ScratchJr is a new iPad variation of the Scratch programming language, a tool created at MIT to help teach kids to code. The premise for both is the same: instead of text, Scratch uses interlocking colored blocks to mimic the logical structures and functions of a typical grown-up programming language.
MORE: Finally, a Way to Teach Coding to the Touchscreen Generation
Let’s not forget Hopscotch, please.
Technically it’s malware. But there’s no patch yet, and pretty much everyone’s got it. Homes up and down the block are lit up, even at this early hour. Thankfully this one is fairly benign. It sets off the alarm with [dubstep] music I blacklisted decades ago on Pandora. It takes a picture of me as I get out of the shower every morning and uploads it to Facebook. No big deal.
When I moved into my house in the 20s, I went with an Android-compatible system because there were more accessories and they were better designed. But then I changed jobs and now my home doesn’t work with my company-issued phone. Which is a bummer because I have to keep this giant 7-inch tablet around to control everything and Google doesn’t support the hardware anymore so I can’t update it and now the door just randomly unlocks. Ugh, I’m going to have to start using keys again.
Cyborg writing must not be about the Fall, the imagination of a once-upon-a-time wholeness before language, before writing, before Man. Cyborg writing is about the power to survive, not on the basis of original innocence, but on the basis of seizing the tools to mark the world that marked them as other.
Amanda Phillips, Dissertation abstract:
“Gamer Trouble: The Dynamics of Difference in Video Games” “Gamer Trouble: The Dynamics of Difference in Video Games.” Supervised by Rita Raley (chair), Alan Liu, Bishnupriya Ghosh, and Lisa Nakamura. This dissertation is a transdisciplinary study of video games and gaming culture that builds on a foundation of race-conscious feminist and queer scholarship, as well as existing paradigms on electronic media and gaming to understand ‘gamer trouble.’ Gamer trouble is the rich interplay between the cultural control structures embedded in a digital game system and the freedom allowed by the possibilities of play, or by the virtuosic disruption of the system through modification, cheating, and emergent behavior. This project works across multiple layers of the gamic system, from technology to representation to community discourse, and brings traditional critical methodology together with digital humanities experimentation like text analysis and image manipulation.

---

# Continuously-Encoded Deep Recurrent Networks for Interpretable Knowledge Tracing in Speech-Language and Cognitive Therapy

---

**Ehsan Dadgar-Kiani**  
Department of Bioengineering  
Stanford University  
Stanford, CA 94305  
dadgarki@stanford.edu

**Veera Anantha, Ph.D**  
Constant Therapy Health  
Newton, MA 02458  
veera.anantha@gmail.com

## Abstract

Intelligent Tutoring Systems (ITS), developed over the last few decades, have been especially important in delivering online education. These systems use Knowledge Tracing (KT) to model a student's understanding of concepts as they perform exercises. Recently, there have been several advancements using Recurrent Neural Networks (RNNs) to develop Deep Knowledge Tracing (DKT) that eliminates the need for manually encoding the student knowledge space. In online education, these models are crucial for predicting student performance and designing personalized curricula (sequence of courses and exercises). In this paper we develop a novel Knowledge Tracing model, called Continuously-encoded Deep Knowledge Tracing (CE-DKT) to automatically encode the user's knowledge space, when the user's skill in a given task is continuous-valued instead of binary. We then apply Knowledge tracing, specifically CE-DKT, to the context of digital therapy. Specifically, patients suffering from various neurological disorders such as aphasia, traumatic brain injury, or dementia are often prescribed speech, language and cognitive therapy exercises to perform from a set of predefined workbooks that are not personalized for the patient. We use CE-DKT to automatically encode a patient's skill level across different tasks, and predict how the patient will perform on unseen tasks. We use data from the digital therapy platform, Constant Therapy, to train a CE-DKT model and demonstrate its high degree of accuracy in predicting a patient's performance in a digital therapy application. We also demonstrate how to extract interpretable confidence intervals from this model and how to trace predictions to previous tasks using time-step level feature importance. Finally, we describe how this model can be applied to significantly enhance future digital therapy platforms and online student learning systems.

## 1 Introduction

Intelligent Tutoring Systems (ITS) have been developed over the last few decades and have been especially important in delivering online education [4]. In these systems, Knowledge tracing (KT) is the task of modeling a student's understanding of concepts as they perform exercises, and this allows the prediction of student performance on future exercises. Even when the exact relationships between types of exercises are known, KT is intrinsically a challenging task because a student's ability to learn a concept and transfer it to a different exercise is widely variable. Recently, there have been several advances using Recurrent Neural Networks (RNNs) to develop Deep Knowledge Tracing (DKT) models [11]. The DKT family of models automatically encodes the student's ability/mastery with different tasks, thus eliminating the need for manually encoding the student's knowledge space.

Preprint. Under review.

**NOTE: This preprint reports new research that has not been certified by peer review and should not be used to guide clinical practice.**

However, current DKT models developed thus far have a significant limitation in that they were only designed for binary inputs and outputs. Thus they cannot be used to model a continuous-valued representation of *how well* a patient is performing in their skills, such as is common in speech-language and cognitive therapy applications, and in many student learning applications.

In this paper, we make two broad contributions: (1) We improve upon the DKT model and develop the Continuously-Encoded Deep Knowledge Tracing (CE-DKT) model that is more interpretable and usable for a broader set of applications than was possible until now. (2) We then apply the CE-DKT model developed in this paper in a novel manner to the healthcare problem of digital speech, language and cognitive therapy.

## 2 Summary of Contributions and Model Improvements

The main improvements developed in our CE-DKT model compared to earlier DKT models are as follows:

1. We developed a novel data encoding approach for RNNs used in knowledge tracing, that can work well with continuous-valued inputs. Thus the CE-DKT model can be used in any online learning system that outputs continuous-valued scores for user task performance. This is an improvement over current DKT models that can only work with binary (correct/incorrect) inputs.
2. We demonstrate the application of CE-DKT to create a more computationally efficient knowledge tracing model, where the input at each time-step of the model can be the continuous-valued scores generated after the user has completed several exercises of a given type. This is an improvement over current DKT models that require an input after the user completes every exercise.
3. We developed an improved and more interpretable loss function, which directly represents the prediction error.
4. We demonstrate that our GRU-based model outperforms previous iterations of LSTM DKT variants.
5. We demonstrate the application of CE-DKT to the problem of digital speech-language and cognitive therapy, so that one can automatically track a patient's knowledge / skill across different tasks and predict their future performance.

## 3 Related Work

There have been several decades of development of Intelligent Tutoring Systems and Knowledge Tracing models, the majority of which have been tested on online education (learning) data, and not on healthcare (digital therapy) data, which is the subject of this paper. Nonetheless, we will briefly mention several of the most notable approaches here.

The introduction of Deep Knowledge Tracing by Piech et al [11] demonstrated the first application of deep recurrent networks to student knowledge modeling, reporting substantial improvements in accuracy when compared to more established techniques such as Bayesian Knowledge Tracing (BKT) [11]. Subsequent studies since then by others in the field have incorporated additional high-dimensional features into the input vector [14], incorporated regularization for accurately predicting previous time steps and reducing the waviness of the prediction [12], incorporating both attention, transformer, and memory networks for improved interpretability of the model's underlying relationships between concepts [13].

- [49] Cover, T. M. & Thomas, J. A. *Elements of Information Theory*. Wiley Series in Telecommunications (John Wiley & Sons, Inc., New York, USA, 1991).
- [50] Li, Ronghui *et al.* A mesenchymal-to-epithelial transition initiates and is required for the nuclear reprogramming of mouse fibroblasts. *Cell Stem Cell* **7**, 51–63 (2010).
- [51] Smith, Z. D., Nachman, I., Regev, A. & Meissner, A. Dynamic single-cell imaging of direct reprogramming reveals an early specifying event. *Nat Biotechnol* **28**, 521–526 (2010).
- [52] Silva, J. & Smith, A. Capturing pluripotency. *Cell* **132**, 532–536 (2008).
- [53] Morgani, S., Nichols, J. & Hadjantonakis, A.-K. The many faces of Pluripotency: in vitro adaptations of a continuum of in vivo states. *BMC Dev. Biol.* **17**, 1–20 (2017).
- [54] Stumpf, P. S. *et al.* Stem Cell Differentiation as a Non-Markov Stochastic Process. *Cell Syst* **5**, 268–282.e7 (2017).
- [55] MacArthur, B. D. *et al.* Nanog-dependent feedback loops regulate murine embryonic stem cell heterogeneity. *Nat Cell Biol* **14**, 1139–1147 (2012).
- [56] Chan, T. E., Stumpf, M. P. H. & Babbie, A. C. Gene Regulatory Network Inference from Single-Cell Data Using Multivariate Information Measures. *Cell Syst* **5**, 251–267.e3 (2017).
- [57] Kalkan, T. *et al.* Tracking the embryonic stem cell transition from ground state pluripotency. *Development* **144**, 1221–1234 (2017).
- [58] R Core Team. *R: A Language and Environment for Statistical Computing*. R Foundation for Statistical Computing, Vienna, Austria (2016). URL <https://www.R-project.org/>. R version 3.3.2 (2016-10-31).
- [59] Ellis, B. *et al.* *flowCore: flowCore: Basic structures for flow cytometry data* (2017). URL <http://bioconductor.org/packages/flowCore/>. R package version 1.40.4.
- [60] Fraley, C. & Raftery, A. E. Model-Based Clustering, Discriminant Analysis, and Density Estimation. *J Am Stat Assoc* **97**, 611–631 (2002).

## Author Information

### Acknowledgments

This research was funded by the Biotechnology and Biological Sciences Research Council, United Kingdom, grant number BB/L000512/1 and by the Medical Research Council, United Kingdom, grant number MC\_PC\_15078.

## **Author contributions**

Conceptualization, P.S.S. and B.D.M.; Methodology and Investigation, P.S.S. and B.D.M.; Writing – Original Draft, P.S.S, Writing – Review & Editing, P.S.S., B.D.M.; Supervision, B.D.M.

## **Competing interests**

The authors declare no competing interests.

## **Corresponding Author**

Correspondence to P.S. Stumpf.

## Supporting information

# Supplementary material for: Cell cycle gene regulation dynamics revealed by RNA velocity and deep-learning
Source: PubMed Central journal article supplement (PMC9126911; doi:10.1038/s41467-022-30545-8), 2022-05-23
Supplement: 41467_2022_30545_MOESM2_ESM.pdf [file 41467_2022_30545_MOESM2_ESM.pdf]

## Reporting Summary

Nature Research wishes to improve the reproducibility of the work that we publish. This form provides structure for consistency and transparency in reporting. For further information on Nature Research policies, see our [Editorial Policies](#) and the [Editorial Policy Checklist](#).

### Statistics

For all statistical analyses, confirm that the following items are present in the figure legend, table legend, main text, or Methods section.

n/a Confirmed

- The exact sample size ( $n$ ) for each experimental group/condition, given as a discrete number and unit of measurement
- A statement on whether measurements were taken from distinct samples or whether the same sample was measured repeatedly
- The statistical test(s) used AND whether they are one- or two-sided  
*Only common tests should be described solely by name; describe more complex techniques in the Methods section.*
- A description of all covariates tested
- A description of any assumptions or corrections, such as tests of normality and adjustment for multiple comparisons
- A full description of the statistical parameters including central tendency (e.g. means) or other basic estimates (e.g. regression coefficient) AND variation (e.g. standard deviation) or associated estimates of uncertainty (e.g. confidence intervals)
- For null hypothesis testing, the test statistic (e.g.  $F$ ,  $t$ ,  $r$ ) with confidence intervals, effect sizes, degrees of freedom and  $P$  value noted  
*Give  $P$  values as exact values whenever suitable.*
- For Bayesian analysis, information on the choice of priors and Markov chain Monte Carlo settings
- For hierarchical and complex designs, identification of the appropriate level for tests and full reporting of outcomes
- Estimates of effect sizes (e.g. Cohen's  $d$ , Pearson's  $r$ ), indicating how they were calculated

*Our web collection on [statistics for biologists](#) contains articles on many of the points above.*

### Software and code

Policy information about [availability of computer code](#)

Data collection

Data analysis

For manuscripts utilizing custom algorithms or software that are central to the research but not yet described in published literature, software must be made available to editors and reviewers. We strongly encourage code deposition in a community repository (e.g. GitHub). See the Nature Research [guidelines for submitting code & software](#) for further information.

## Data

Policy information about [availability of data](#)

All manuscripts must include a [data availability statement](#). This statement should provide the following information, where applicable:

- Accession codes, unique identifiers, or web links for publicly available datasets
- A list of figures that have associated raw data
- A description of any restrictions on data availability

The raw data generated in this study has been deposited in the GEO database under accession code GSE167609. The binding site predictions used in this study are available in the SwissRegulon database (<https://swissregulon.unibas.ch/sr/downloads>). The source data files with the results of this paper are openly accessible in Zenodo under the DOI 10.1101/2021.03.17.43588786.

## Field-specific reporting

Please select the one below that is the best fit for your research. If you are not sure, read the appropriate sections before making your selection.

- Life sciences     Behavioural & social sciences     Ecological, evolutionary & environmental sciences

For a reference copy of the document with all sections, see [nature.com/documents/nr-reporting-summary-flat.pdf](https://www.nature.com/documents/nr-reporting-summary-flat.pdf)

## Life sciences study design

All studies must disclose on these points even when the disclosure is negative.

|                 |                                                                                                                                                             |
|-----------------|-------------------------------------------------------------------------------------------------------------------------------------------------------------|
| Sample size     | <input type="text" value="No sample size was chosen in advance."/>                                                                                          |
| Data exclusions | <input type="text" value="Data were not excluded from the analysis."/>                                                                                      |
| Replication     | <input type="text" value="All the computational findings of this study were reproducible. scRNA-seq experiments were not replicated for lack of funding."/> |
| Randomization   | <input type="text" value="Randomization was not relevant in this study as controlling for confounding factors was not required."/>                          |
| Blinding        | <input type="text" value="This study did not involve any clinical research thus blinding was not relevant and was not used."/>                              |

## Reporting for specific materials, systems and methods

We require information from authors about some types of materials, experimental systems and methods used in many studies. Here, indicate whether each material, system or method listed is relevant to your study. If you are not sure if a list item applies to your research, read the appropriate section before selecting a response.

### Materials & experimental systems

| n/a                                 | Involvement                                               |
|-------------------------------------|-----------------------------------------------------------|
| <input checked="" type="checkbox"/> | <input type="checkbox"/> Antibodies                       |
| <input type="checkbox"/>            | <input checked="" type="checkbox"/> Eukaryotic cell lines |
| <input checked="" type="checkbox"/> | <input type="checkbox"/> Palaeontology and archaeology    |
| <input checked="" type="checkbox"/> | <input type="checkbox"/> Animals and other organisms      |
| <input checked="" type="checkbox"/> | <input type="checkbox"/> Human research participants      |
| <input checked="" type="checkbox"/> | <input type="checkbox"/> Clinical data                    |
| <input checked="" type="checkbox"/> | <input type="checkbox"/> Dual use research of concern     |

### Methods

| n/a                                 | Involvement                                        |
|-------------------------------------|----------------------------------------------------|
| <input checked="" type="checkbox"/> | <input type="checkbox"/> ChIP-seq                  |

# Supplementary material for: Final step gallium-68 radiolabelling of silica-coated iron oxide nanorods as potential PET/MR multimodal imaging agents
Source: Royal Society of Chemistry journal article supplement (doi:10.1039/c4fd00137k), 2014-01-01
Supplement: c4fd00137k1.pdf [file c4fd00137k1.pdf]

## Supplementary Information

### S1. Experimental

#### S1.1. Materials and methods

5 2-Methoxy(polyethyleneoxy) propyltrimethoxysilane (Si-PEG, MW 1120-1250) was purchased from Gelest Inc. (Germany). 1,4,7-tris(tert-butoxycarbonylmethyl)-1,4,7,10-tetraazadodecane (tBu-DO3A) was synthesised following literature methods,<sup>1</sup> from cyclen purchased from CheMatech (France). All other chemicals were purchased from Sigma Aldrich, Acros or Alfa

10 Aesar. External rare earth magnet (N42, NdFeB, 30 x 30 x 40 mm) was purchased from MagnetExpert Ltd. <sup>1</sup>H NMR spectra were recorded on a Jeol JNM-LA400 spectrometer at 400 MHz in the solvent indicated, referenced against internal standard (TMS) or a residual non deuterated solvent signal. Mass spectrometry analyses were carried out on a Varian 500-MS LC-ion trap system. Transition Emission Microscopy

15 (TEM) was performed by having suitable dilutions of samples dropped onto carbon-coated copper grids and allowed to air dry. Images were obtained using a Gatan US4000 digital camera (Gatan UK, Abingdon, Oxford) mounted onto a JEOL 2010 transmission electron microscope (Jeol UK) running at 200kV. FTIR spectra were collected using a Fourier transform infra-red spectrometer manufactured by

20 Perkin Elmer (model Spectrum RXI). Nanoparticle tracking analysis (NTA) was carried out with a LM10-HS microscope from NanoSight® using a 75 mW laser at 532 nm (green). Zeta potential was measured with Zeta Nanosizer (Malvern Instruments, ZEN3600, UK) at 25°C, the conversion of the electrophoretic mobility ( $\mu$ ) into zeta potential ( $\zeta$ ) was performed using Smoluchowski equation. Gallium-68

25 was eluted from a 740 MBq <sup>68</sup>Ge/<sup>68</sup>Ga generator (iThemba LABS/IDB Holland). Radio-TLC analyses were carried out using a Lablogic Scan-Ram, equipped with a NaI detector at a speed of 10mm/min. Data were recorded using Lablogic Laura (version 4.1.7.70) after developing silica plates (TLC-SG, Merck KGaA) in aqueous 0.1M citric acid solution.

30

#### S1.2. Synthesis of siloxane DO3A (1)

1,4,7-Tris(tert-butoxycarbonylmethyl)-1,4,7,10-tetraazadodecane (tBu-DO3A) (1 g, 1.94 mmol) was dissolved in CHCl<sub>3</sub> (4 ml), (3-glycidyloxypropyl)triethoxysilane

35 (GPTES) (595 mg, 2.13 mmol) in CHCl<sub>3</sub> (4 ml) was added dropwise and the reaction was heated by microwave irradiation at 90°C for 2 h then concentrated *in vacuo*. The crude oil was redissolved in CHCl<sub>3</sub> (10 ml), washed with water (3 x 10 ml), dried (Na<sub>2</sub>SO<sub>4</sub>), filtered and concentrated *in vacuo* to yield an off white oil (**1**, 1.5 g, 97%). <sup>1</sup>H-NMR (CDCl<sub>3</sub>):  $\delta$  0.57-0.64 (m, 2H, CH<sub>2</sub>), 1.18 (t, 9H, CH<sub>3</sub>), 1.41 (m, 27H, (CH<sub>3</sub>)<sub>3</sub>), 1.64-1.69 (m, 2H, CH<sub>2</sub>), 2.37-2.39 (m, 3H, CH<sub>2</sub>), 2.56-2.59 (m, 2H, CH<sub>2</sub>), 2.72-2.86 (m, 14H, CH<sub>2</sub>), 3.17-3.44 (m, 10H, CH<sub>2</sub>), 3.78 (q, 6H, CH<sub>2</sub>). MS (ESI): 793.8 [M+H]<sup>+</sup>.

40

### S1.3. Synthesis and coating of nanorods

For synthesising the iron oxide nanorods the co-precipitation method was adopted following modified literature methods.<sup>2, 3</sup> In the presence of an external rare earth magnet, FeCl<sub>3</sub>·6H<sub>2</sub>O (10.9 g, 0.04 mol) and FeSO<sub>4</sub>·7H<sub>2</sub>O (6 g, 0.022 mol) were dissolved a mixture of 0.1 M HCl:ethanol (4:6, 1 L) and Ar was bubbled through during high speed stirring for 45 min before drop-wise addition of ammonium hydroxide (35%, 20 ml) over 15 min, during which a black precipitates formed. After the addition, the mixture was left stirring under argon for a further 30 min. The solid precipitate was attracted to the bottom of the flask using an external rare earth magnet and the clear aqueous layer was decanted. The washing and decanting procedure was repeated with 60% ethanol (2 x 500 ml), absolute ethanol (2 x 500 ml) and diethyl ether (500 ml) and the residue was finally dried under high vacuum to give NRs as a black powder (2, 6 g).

(via Research | Amanda Phillips)
This group struggled with how humor and minimalization would dilute their message, and their writing and discussion of their project indicated to me that they had a more nuanced understanding of both colorblindness and intersectionality than Equality Street might otherwise suggest. This was a problem that came up in multiple groups: how do they balance fun and playability with communicating social and theoretical phenomena that are impossibly complex even to talk about. Their design decisions came not only from technological and time constraints (which were considerable given student experience with these programs and the demands of the quarter system), but also from a desire not to reduce identities and problems to caricature. For example, they declined to include a queer character in the game because of the difficulty in creating a visually queer avatar in pixelated style without resorting to high heels and feather boas. Another design compromise resulted in the apparently additive formula used to express intersectionality. (via Crossing Paths with Colorblindness: Equality Street | Amanda Phillips)